The following is a recent Barbados Advocate Editorial.
We can very well understand the defensive tone adopted by the Acting Commissioner of Police when confronted with the proposition that two recent murders by guns might cause citizens to feel a sense of physical insecurity. After all, this thesis implicates the precise remit of the organization that he leads –to serve, protect and reassure.
According to a recent report, the Acting Commissioner wants Barbadians “to stop getting carried away every time a murder or shooting occurs”. We make bold to say, on the other hand, “May that day never come”, for whenever it does, we, as a nation, would have by then become inured to murders by gun violence much like in those neighbouring jurisdictions to the north and south of us where the murder rates have notoriously and consistently exceeded one per day for the last three years at least.
It is the contention of the acting police chief that the crime rate is in fact down compared to last year and that “we do not have an upsurge of crime in Barbados”. As comforting as this statistic may be to the administration of the Force, we have observed more than once in this space that it is of little consequence to those who have lost loved ones or property to criminal acts and, moreover, does little to reassure the average citizen that he or she is any safer as he or she goes about their daily existence.
We would have dwelt rather on the nature of the recent offences, that they did not appear to have been at all random shootings but, instead, appeared to have been contract “hits”, where the victims were not unknown to or unrecognizable by their assailants, so that the ordinary pedestrian does not face any increased danger as a consequence.
Acting Commissioner Griffith, in his comments, seemingly fails to appreciate the nature of Barbadian society and its innate aversion to crimes of violence, especially gun violence. His assertion therefore that that he does not understand “why as soon as someone gets shot people start running around saying there is an upsurge in crime, because that is not true” exemplifies this shortcoming.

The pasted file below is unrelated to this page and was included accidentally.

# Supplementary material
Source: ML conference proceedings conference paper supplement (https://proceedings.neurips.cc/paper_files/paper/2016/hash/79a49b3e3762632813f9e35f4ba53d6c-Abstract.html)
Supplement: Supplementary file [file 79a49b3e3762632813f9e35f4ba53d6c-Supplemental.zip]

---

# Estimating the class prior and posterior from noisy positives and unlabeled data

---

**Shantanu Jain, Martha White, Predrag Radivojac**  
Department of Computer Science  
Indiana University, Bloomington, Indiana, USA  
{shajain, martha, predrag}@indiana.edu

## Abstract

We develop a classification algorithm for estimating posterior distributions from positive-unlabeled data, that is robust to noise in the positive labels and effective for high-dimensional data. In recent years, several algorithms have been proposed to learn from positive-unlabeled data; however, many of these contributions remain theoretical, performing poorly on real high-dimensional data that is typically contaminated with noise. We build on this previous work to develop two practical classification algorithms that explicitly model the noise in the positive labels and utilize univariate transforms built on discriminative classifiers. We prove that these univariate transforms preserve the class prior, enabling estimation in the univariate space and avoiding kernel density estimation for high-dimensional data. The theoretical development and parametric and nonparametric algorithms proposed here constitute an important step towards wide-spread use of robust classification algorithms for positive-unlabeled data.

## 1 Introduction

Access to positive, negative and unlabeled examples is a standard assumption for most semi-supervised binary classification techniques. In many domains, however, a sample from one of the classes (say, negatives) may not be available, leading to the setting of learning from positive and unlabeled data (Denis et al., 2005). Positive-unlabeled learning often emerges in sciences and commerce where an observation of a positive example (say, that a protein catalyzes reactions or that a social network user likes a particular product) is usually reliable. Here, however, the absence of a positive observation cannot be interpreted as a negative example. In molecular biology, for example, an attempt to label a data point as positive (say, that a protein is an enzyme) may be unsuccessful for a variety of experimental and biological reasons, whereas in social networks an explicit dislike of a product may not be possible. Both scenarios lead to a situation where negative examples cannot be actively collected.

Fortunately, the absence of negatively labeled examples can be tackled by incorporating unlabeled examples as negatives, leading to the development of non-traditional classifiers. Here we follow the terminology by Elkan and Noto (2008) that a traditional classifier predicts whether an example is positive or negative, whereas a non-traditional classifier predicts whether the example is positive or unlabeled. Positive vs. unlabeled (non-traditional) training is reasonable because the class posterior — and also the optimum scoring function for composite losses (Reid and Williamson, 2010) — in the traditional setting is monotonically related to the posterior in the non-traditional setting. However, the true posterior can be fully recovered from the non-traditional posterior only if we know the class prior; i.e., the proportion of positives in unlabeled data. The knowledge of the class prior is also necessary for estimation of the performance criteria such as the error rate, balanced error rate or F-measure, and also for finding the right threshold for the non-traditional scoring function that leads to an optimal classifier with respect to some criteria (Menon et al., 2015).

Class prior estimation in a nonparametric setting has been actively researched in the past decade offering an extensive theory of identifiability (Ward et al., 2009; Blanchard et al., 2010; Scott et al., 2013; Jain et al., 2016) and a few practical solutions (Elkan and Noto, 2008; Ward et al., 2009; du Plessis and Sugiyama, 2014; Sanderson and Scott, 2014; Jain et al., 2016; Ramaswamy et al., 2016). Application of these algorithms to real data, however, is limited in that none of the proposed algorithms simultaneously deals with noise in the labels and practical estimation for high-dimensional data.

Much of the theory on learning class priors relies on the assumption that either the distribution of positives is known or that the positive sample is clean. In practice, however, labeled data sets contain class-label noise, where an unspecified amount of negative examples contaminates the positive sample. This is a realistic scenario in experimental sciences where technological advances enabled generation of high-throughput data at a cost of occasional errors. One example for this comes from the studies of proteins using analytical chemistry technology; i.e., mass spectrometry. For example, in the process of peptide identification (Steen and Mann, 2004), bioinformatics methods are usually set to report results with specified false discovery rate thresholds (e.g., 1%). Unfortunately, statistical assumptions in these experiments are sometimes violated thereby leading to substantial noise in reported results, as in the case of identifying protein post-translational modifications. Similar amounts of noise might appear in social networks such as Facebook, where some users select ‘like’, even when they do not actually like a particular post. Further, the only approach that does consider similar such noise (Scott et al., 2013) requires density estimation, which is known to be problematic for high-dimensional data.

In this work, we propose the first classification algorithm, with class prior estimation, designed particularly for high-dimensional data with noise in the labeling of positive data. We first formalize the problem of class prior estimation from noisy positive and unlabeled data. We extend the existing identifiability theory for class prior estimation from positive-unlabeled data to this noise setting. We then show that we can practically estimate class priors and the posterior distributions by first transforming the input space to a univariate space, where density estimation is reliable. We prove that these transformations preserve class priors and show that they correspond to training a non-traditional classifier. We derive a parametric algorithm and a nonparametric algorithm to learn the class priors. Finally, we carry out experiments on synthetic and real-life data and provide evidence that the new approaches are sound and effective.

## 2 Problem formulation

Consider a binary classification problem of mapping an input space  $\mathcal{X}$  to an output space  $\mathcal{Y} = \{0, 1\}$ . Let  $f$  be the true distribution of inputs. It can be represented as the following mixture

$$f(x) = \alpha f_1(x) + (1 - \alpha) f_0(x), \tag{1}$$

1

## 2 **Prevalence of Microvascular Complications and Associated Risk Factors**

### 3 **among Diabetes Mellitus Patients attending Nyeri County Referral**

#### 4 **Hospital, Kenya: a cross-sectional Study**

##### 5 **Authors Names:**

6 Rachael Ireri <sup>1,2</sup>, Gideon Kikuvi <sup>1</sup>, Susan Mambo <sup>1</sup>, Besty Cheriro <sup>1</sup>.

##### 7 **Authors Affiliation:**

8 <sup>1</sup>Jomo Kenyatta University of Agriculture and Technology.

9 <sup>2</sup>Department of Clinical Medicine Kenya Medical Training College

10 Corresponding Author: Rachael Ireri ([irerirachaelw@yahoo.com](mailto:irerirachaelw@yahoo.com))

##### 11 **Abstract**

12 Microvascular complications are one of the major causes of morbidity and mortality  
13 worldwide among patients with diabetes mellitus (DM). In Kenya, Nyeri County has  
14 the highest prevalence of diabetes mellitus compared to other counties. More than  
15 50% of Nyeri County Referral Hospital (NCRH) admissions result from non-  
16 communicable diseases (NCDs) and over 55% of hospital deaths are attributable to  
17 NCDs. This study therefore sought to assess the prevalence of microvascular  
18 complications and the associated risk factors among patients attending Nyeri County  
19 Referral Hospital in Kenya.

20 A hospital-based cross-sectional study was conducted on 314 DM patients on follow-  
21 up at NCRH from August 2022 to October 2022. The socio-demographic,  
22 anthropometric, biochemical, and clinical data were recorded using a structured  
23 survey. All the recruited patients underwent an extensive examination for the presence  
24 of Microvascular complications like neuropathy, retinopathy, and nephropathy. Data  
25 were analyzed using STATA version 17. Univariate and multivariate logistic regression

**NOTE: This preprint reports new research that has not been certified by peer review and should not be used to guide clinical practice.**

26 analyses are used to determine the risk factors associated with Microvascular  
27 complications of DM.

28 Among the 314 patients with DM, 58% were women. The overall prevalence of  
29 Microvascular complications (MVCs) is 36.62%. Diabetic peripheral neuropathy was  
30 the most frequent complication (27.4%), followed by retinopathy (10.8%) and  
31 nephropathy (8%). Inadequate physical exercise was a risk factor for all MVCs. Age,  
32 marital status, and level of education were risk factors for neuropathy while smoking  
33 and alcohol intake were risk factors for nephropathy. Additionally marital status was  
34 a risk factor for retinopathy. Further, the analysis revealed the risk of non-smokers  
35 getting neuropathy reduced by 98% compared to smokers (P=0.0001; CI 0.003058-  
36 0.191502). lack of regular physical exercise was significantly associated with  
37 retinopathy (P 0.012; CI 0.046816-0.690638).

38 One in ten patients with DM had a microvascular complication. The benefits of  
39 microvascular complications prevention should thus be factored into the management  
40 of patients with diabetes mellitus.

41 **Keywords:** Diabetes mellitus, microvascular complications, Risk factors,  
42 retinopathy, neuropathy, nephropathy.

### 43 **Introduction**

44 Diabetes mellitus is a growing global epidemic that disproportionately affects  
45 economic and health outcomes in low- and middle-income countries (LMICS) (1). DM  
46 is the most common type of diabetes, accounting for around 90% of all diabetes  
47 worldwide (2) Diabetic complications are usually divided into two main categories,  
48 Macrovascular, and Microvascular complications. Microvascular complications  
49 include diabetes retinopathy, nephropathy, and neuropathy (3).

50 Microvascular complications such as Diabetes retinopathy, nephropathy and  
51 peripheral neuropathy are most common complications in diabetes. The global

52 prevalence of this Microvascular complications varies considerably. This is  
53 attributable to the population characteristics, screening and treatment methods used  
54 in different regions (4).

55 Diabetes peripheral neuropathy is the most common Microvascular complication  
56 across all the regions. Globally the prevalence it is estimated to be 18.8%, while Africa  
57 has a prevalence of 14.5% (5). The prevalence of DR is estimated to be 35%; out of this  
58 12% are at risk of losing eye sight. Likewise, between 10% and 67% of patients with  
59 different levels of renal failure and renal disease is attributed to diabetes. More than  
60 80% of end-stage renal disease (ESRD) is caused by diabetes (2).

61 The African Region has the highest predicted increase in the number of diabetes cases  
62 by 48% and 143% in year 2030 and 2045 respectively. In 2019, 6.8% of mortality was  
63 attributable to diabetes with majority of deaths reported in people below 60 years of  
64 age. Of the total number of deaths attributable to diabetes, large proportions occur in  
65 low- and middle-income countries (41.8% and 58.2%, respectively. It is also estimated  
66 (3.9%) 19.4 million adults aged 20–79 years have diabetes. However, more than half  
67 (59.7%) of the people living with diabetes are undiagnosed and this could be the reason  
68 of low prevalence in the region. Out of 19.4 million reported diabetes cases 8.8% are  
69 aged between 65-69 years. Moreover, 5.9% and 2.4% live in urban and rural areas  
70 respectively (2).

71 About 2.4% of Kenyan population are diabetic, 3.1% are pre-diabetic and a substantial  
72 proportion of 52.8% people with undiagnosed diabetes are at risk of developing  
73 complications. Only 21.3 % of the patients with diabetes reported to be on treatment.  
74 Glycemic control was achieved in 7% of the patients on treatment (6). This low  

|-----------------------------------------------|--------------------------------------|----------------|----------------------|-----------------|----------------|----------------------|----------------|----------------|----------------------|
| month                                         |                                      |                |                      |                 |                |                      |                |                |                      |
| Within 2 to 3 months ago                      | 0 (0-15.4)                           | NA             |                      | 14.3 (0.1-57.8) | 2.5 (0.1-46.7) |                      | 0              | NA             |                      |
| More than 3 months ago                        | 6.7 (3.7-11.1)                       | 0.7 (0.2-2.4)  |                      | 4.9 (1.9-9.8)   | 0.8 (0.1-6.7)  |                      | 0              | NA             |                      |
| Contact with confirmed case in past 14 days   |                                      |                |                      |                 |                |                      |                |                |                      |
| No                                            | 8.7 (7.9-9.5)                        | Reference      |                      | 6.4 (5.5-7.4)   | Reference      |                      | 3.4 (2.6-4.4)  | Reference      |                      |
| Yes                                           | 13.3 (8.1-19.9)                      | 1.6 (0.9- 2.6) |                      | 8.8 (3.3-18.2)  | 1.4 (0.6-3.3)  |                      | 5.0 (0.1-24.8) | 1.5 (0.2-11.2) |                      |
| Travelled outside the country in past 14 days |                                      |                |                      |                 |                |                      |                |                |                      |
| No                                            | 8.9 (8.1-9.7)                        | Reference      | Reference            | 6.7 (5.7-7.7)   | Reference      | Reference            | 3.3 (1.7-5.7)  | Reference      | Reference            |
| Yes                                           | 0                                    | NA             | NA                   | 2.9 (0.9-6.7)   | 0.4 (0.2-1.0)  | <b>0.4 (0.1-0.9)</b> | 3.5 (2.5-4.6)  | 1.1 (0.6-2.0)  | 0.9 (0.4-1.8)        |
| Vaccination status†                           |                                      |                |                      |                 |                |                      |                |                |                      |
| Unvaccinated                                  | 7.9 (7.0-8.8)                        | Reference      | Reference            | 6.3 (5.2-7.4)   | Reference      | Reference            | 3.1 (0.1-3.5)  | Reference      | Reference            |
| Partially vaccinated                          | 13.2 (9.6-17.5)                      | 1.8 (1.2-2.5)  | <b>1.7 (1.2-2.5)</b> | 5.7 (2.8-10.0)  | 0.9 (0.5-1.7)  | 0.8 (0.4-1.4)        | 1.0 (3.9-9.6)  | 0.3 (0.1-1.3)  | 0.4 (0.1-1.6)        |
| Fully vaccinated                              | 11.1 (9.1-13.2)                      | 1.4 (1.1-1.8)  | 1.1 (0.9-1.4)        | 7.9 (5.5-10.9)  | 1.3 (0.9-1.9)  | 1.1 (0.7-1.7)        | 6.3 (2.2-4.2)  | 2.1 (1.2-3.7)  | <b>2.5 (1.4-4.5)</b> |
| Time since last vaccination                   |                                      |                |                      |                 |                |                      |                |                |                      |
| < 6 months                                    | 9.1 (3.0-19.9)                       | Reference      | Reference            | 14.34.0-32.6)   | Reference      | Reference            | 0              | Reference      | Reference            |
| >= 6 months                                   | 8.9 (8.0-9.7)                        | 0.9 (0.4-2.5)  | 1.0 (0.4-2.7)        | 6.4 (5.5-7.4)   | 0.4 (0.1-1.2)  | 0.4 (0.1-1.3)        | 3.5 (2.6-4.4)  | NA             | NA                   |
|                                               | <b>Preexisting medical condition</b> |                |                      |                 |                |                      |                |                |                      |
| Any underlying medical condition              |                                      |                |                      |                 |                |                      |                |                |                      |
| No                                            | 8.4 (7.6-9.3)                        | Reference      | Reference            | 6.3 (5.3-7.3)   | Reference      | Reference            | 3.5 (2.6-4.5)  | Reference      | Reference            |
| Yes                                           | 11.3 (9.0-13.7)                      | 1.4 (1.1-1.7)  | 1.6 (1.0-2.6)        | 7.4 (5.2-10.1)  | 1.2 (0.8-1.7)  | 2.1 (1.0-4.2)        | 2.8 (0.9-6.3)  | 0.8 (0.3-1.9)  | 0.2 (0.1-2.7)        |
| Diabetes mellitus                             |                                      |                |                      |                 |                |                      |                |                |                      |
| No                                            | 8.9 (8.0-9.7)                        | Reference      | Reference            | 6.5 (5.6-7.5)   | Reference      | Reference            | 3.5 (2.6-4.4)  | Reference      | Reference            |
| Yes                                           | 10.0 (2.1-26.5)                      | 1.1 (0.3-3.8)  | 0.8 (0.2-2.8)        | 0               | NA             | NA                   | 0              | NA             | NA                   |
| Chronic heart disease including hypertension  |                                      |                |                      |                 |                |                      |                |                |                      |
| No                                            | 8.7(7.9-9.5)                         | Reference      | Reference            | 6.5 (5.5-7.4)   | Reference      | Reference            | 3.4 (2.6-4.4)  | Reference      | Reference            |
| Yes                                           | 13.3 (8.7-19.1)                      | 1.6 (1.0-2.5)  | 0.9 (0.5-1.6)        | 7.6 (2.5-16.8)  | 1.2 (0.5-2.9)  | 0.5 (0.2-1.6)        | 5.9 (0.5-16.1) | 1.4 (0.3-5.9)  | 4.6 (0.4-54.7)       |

Statistically, the Acting Commissioner is right. One or two shootings cannot equate to a general upsurge in crime. However, with the greatest respect, we would argue that the direction of the statistics is not the critical issue here. For us, it is, rather, the general feeling of security of the citizen, in an environment where marksmanship does not appear to be one of the hallmarks of the Barbadian gunman, and where, horror of horrors, we recently had the death of an innocent passenger in a vehicle caused by an errant bullet fired in other criminal circumstances.
It may be that the downward slide of the local crime rate does serve to establish the diligence and industry of the local force in the pursuit of its civic obligation and this is to be commended.
Nevertheless, comparison with neighbouring jurisdictions, even those with smaller populations, are indeed odious and do little to inspire a feeling of physical security of the Barbadian man and woman in the street. This feeling is mostly premised on the degree of unlikelihood that an individual may be confronted with a loaded gun in his or her comings and goings.
After the reckless misconduct that might have caused the untimely recent death of the lady travelling in the vehicle, we are persuaded that it is not at all about the crime rate, but rather about the number of unlicensed guns in the country.
That is one statistic we should wish were lower.